Property owners rely on rental income to pay mortgages, maintain properties, and help meet other expenses. When rents are not received, these expenses must still be paid, creating an unnecessary hardship for the property owner.
What happens to self-managed landlords when rent payments are not made?
Tenants always have a reason why the rent is late. Rather than engaging in conversation and losing valuable time, begin the process by issuing a Five-Day Legal Notice to the tenant, delivering by hand or certified or registered mail. After the notice is issued, evaluate whether this is a long-term or short-term problem. If it is short-term, negotiate a payment arrangement. Any payment plan must be in writing and signed by the tenant.
If the tenant’s inability to pay is due to a long-term situation like a job loss, try to get the tenant to move out voluntarily. If the tenant will not voluntarily move, proceed with the legal eviction process, which was started with the Five-Day Notice.
Next, file a complaint with the court to repossess the property.
Hiring an attorney to help with the eviction is less costly than the amount you may lose trying to do it on your own. Remember, the cost of the attorney, court costs and process-server fees should all be paid by the tenant (if you can collect). When done correctly, the process will yield a judgment for all unpaid rent plus costs incurred in filing the case.
The court will also order immediate possession of your property, providing the opportunity to file a Writ of Restitution within five days.
It can take about 30 days to get the tenants out of the property.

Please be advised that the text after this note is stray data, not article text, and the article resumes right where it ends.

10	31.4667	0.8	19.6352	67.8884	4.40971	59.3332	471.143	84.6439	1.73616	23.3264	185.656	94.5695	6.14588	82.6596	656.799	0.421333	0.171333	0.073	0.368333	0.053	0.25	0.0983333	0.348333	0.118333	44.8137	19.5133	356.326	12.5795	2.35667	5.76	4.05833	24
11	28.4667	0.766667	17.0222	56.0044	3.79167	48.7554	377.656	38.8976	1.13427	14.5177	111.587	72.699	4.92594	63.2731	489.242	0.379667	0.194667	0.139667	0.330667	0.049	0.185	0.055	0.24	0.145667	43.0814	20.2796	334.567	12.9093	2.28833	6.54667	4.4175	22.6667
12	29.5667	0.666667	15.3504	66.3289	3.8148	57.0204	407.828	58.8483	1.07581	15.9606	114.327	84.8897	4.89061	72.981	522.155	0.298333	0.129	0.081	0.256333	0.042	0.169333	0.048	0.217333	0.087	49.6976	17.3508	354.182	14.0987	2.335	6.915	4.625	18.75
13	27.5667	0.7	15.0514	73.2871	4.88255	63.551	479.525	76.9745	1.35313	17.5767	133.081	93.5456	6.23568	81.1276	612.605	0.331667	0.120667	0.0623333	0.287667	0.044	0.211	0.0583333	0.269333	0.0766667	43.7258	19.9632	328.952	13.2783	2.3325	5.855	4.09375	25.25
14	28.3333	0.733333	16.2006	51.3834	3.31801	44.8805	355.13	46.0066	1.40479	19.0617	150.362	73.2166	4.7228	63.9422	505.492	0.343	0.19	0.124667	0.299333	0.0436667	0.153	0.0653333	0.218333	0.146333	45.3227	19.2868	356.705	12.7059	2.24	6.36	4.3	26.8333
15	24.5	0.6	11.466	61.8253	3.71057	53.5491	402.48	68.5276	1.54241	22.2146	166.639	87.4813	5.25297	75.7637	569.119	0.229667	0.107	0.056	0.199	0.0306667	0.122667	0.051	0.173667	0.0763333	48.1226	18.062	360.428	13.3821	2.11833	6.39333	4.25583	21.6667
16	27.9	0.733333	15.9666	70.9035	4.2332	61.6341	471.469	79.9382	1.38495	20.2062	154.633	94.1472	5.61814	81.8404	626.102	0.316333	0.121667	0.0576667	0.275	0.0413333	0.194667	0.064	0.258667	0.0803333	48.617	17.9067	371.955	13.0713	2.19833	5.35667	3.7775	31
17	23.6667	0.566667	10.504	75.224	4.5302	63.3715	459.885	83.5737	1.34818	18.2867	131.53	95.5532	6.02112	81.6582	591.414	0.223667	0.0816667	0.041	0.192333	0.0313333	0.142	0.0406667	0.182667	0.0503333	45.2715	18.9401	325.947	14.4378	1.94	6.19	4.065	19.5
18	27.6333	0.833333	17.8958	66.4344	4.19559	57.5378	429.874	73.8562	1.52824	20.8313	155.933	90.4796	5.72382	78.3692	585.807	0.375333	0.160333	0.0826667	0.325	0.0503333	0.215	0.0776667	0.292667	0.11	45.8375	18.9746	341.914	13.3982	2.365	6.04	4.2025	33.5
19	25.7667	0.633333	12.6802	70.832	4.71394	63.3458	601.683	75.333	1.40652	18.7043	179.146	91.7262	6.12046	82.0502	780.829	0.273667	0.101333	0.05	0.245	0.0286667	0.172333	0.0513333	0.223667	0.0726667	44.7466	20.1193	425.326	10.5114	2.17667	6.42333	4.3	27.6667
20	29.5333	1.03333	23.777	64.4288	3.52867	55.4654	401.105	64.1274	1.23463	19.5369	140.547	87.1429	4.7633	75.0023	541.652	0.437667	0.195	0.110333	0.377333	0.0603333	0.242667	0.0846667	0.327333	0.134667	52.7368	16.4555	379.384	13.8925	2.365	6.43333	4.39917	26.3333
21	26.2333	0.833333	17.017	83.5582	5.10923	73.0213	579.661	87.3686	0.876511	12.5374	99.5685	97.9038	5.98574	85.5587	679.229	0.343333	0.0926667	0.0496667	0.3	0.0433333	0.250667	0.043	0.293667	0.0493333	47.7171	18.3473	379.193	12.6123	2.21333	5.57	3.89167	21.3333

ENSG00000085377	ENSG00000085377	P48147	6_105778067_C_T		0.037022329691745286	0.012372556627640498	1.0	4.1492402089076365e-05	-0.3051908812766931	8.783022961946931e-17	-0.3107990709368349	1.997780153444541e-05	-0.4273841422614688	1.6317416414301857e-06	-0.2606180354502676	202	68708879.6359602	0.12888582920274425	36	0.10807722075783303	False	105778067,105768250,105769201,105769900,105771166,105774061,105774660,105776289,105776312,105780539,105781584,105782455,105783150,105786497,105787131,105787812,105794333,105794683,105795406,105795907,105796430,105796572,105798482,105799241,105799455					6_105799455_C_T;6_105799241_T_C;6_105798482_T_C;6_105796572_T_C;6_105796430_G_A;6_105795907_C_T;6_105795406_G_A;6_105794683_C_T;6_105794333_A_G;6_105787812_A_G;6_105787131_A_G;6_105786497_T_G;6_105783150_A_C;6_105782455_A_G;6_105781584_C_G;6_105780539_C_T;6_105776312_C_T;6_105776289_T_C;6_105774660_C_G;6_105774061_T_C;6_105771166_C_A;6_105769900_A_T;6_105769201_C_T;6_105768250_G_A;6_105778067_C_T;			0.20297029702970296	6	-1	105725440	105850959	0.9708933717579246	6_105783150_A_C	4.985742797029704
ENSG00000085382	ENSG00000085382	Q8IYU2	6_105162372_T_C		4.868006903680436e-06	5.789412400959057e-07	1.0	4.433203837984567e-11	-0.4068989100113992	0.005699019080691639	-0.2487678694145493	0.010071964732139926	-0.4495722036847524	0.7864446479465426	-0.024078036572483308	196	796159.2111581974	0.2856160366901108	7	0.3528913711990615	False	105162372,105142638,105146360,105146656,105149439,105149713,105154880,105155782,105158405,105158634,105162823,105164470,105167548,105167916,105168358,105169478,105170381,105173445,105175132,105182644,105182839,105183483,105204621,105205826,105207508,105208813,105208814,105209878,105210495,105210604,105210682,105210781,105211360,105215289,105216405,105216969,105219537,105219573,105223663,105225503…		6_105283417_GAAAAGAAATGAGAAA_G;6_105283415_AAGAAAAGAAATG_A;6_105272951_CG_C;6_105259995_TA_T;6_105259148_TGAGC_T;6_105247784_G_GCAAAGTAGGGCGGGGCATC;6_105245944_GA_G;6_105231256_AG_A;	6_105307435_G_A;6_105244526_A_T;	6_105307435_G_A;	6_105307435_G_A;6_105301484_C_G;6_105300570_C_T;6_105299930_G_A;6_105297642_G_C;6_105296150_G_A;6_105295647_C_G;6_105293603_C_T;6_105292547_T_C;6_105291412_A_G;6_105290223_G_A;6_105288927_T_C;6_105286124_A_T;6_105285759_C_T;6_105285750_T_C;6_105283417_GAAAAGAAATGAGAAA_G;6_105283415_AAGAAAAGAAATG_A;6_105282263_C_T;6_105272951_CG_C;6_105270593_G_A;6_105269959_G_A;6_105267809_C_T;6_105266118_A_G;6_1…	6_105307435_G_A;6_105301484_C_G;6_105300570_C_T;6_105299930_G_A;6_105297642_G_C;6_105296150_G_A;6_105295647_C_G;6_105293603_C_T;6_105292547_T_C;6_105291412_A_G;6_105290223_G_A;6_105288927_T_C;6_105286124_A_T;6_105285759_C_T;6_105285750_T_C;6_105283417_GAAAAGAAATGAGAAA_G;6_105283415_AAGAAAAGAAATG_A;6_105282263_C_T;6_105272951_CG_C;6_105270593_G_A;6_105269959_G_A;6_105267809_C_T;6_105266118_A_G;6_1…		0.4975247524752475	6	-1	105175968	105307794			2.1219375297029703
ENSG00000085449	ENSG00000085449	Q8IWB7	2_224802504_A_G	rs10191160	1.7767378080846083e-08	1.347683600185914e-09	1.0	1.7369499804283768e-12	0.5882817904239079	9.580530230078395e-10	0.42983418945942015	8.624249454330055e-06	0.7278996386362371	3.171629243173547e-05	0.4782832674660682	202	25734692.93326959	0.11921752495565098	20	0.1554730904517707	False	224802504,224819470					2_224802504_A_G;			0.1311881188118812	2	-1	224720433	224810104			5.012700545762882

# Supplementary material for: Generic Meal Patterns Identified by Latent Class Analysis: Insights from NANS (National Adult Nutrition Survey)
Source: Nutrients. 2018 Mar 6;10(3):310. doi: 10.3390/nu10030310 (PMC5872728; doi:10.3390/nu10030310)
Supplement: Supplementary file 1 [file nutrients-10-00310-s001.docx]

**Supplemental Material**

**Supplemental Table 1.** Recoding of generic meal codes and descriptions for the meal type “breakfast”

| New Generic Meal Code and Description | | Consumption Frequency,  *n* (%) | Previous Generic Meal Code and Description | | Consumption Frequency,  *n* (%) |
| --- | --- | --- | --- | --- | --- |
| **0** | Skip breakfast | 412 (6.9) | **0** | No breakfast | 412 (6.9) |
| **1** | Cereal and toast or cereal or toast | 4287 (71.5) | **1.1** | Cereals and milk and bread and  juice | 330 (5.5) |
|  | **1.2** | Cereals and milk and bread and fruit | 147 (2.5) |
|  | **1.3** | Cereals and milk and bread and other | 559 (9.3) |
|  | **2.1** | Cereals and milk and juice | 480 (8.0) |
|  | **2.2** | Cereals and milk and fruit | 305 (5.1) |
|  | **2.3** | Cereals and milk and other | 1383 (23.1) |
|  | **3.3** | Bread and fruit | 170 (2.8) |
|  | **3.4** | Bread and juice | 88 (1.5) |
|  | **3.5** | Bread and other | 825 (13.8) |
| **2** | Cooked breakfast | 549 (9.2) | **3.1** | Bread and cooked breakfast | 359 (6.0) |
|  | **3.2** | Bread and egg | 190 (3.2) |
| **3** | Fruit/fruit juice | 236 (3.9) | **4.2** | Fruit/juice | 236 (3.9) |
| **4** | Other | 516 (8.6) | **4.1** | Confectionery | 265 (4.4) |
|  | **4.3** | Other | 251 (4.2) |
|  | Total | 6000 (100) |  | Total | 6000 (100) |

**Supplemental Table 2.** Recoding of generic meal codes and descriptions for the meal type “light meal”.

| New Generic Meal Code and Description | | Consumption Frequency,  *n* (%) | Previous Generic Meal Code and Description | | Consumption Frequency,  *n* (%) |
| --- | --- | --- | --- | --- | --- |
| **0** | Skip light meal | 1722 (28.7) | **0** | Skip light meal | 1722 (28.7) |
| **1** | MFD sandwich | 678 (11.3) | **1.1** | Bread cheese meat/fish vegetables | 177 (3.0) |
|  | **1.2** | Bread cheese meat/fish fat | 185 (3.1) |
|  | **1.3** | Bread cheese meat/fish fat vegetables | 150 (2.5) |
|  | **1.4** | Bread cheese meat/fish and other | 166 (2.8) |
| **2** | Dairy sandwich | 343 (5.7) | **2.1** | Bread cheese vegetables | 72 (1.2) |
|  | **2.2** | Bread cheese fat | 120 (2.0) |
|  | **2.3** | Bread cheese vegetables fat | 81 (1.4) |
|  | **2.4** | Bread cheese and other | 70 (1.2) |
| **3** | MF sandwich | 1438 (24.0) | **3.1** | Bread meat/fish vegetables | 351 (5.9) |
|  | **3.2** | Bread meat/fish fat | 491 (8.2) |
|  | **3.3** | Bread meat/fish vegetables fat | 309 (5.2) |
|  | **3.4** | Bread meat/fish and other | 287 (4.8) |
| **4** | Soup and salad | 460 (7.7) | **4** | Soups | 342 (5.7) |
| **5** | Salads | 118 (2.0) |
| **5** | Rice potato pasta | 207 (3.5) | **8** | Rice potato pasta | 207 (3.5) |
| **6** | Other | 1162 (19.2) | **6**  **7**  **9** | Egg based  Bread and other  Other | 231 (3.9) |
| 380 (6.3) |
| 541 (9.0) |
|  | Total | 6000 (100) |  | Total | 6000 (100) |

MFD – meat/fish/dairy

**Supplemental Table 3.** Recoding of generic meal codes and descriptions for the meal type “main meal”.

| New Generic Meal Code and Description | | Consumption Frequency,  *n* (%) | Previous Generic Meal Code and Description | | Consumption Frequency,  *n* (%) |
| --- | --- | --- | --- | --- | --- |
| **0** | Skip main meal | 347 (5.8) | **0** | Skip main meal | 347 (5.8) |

Conduct a thorough inspection after the eviction and get bids to complete repairs to get the property ready to rent. You must also do the security deposit disposition.
A non-paying tenant is a headache and probably the most stressful aspect of property management. Evicting a tenant, coordinating, and paying for repairs, and re-marketing the property will reduce your profits. And the longer it takes, the greater your loss.
Accessing professional help — and understanding the Landlord & Tenant Act — will help by quickly and efficiently moving through the process. Property managers are well trained and understand the eviction process and can be a great resource for you. The cost of professional property management services is negligible compared to the losses landlords can suffer when self-managing investment property.
Maricopa residents Sherman and Euphemia Weekes have more than 30 years’ experience in property management and own Crest Premier Properties. Licensed Realtors and active members of the National Association of Residential Property Management with a Certified Residential Property Management designation.
This sponsored content was first published in the August edition of InMaricopa magazine.